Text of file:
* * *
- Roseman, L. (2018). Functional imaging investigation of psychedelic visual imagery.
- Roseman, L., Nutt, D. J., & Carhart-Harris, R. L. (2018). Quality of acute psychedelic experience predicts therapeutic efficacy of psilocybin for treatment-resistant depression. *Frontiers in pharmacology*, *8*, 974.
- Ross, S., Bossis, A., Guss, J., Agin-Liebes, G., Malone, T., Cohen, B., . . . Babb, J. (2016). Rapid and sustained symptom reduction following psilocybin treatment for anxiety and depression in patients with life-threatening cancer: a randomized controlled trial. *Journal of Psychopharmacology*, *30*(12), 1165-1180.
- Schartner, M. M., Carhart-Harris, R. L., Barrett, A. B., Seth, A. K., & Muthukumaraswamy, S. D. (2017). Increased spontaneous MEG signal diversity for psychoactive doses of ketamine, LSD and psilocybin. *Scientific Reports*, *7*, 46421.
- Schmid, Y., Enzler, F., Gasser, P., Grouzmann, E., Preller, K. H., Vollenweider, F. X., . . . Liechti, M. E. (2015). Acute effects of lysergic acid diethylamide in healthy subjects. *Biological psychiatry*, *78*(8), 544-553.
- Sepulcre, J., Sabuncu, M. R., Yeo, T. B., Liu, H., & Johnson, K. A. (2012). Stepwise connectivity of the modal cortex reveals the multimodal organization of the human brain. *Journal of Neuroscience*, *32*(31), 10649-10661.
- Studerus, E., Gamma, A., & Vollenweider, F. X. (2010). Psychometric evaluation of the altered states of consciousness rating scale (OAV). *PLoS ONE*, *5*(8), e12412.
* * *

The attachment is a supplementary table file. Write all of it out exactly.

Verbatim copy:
- Roseman, L. (2018). Functional imaging investigation of psychedelic visual imagery.
- Roseman, L., Nutt, D. J., & Carhart-Harris, R. L. (2018). Quality of acute psychedelic experience predicts therapeutic efficacy of psilocybin for treatment-resistant depression. *Frontiers in pharmacology*, *8*, 974.
- Ross, S., Bossis, A., Guss, J., Agin-Liebes, G., Malone, T., Cohen, B., . . . Babb, J. (2016). Rapid and sustained symptom reduction following psilocybin treatment for anxiety and depression in patients with life-threatening cancer: a randomized controlled trial. *Journal of Psychopharmacology*, *30*(12), 1165-1180.
- Schartner, M. M., Carhart-Harris, R. L., Barrett, A. B., Seth, A. K., & Muthukumaraswamy, S. D. (2017). Increased spontaneous MEG signal diversity for psychoactive doses of ketamine, LSD and psilocybin. *Scientific Reports*, *7*, 46421.
- Schmid, Y., Enzler, F., Gasser, P., Grouzmann, E., Preller, K. H., Vollenweider, F. X., . . . Liechti, M. E. (2015). Acute effects of lysergic acid diethylamide in healthy subjects. *Biological psychiatry*, *78*(8), 544-553.
- Sepulcre, J., Sabuncu, M. R., Yeo, T. B., Liu, H., & Johnson, K. A. (2012). Stepwise connectivity of the modal cortex reveals the multimodal organization of the human brain. *Journal of Neuroscience*, *32*(31), 10649-10661.
- Studerus, E., Gamma, A., & Vollenweider, F. X. (2010). Psychometric evaluation of the altered states of consciousness rating scale (OAV). *PLoS ONE*, *5*(8), e12412.